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Rapper Kendrick Lamar’s powerful track about trans people receives both praise and criticism

The rapper discussed how the journey of his trans relatives changed his own views about trans people.

NEW YORK, NY - JANUARY 28: Recording artist Kendrick Lamar performs onstage during the 60th Annual GRAMMY Awards at Madison Square Garden on January 28, 2018 in New York City. (Photo by Christopher Polk/Getty Images for NARAS)
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Trigger warning: This song contains themes of transphobia that some readers may find distressing.

The rapper Kendrick Lamar has released a powerful song about accepting his transgender relatives. Lamar's "Aunti Diaries" comes at a time when some state governments are targeting LGBTQ youth across the country. There have been at least 200 anti-LGBTQ bills sponsored or considered across America. Lamar dropped his album "Mr. Morale & The Big Steppers" on Friday, which includes the track where he raps about accepting his relative who is a transgender man. "My auntie is a man now / I think I’m old enough to understand now," raps Lamar about accepting the relative, reported NBC News. Many welcomed the track but some LGBTQ artists criticized Lamar for misgendering the trans man. It appears that Lamar has reached a point where he understands his relative's transition and accepts him for who he is.

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NEW YORK, NY - JANUARY 28: Recording artist Kendrick Lamar performs onstage at the 60th Annual GRAMMY Awards at Madison Square Garden on January 28, 2018 in New York City. (Photo by Christopher Polk/Getty Images for NARAS)

 

 

Lamar also talks about a cousin who is a trans woman and raps about the homophobia and transphobia his relatives faced. Both his trans relatives are portrayed as two beloved figures in his life. He says they were targeted with homophobic slurs and talks about his journey to accepting his relatives who had transitioned. "We ain’t know no better / Elementary kids with no filter, however." In another verse, he says he's proud of his relatives who transitioned. "My auntie became a man and I took pride in it." He also talks about how his trans relative used to pick him up from school and was scorned and stared at by Lamar's friends. "They couldn’t comprehend what I grew accustomed," he raps. He talked about using homophobic slurs because he wasn't aware of the damage it caused. "I said them f-bombs, I ain't know any better," he said while also referencing an incident at a concert when a fan used the N-word on stage while rapping.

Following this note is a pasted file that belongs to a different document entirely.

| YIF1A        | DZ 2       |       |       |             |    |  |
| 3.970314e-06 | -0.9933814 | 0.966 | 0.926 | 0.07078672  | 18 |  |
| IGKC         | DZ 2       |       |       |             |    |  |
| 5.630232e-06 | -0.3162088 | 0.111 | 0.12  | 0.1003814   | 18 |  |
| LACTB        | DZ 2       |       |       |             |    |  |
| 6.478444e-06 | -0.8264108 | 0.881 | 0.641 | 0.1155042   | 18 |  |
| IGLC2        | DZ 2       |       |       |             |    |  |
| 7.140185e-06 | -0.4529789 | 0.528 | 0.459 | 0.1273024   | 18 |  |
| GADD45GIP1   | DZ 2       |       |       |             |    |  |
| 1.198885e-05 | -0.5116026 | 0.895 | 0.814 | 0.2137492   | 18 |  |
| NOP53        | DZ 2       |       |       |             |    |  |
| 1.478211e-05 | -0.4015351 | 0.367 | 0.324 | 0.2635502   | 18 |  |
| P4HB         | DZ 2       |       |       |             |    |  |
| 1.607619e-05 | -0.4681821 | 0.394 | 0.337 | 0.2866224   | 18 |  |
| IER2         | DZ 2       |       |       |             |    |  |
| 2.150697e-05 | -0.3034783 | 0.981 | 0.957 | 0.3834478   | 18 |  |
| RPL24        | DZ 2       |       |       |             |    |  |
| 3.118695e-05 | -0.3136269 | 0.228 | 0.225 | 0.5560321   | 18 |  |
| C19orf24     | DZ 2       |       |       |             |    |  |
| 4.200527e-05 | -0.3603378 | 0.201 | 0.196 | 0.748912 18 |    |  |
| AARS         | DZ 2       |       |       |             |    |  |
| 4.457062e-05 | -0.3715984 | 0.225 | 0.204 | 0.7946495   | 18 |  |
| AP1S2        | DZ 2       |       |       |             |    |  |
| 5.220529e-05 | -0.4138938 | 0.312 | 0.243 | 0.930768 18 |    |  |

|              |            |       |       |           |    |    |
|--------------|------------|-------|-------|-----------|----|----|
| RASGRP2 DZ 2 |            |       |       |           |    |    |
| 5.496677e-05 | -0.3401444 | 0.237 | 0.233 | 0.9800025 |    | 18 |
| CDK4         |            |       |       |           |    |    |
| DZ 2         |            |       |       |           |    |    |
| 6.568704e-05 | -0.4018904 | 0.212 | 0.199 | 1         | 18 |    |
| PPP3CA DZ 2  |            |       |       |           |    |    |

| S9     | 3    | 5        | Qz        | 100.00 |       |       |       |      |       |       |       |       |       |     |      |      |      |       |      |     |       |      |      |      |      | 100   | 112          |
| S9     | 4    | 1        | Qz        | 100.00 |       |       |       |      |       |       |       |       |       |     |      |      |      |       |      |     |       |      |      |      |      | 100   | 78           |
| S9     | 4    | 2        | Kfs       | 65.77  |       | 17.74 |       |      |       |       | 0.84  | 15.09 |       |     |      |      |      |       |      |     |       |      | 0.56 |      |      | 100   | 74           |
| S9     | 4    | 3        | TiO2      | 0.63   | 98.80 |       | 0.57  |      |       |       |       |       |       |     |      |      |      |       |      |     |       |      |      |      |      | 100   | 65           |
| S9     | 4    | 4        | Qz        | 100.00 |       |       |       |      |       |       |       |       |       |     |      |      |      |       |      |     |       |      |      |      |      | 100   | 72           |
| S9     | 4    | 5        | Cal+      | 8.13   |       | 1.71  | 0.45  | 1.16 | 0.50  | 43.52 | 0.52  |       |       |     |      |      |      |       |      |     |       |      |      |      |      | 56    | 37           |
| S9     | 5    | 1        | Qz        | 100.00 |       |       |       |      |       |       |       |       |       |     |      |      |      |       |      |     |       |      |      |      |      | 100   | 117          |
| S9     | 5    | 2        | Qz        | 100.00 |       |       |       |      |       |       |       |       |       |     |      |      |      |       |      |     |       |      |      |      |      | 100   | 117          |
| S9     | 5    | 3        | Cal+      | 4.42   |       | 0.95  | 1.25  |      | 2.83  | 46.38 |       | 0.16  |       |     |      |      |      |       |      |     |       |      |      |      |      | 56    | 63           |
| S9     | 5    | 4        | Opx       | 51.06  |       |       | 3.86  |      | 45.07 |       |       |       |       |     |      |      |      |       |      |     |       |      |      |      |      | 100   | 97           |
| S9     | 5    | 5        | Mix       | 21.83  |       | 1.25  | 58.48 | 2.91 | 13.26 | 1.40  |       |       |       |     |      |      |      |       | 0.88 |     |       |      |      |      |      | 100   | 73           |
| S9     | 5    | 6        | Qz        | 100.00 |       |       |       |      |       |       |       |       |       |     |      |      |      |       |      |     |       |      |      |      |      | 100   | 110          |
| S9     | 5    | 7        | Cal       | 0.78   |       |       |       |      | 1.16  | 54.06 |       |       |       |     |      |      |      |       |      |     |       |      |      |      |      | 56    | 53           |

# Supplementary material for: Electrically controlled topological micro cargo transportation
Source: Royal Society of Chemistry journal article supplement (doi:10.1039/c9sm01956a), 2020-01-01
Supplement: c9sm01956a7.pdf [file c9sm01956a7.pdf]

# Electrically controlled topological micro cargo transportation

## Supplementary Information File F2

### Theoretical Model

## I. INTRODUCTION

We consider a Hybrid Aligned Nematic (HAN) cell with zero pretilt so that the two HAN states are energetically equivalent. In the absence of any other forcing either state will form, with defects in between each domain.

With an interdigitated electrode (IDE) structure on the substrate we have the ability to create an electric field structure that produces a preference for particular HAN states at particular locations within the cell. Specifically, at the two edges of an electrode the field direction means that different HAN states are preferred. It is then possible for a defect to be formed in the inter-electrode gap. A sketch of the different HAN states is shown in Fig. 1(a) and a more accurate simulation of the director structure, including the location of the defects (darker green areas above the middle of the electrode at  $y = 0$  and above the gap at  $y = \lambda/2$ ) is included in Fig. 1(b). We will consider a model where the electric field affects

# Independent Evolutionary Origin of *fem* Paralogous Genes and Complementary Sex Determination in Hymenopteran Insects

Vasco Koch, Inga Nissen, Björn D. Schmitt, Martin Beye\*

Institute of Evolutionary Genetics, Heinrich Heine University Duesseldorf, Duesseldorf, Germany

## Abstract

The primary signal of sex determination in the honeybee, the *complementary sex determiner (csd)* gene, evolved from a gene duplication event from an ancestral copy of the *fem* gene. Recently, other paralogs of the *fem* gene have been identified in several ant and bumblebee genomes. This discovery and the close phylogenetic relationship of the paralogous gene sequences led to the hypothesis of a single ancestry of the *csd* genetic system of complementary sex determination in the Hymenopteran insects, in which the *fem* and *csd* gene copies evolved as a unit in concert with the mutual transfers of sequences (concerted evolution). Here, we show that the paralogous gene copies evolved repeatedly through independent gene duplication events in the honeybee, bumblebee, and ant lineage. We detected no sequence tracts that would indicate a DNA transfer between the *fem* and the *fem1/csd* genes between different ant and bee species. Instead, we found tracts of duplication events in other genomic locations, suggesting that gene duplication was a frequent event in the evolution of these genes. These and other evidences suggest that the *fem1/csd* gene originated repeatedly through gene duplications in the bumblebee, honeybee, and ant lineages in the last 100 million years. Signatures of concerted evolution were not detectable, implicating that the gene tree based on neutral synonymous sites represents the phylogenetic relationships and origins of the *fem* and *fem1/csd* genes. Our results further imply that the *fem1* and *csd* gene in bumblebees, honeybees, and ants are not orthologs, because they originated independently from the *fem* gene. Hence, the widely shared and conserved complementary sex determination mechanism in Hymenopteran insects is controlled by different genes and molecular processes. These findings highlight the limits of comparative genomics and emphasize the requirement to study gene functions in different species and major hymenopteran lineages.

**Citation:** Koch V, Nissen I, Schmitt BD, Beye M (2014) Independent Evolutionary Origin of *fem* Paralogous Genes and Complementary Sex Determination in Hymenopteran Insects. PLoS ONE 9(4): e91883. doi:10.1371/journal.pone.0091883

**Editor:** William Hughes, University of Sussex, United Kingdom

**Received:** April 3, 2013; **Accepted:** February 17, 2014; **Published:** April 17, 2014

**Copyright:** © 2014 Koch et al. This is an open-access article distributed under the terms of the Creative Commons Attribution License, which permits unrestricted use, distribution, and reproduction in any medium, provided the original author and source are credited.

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He also discusses his family's discrimination against his uncle. "Asked my momma why my uncles don’t like him that much. And at the parties why they always wanna fight him that much. She said 'Ain’t no telling' N—-s always been jealous because he had more women. More money and more attention made more envy, Calling him anything but broke was less offending.” He questions religion and the role of religious leaders in the context of a pastor not supporting his cousin's transition. "I said 'Mr. Preacher man, should we love thy neighbor? / The laws of the land or the heart, what’s greater?'" he raps.

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NEW YORK, NY - JANUARY 28: Recording artist Kendrick Lamar (C) performs onstage during the 60th Annual GRAMMY Awards at Madison Square Garden on January 28, 2018 in New York City. (Photo by Kevin Winter/Getty Images for NARAS)

 

 

Lamar also talks about standing up for his cousin and how it changed his own beliefs and views on religion. "The day I chose humanity over religion / The family got closer, it was all forgiven," he rapped.

Variety music critic Jem Aswad lauded the track as a "powerful, genre-shifting statement on transphobia" and a reflection of Lamar's own evolution. Aswad notes that being critical of himself is one of the hallmarks of the rapper. "One of Kendrick Lamar’s great strengths as a rapper is his ability to acknowledge and criticize his own biases and prejudices and not place himself above the people he’s singling out," they wrote.

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Preston Mitchum, director of advocacy and governmental affairs at The Trevor Project, a nonprofit that works to prevent suicide among LGBTQ young people, spoke about the song and their reaction to it. "I'm thankful he spoke in favor of love & acceptance of trans sibs — even after admitting what society did to them first. The [slur] threw me off because it isn't his word to use. But that's his point at the end," they wrote

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If you're trans and are being subjected to abuse, or need any help, please reach out to TRANS LIFELINE at 877-330-6366.

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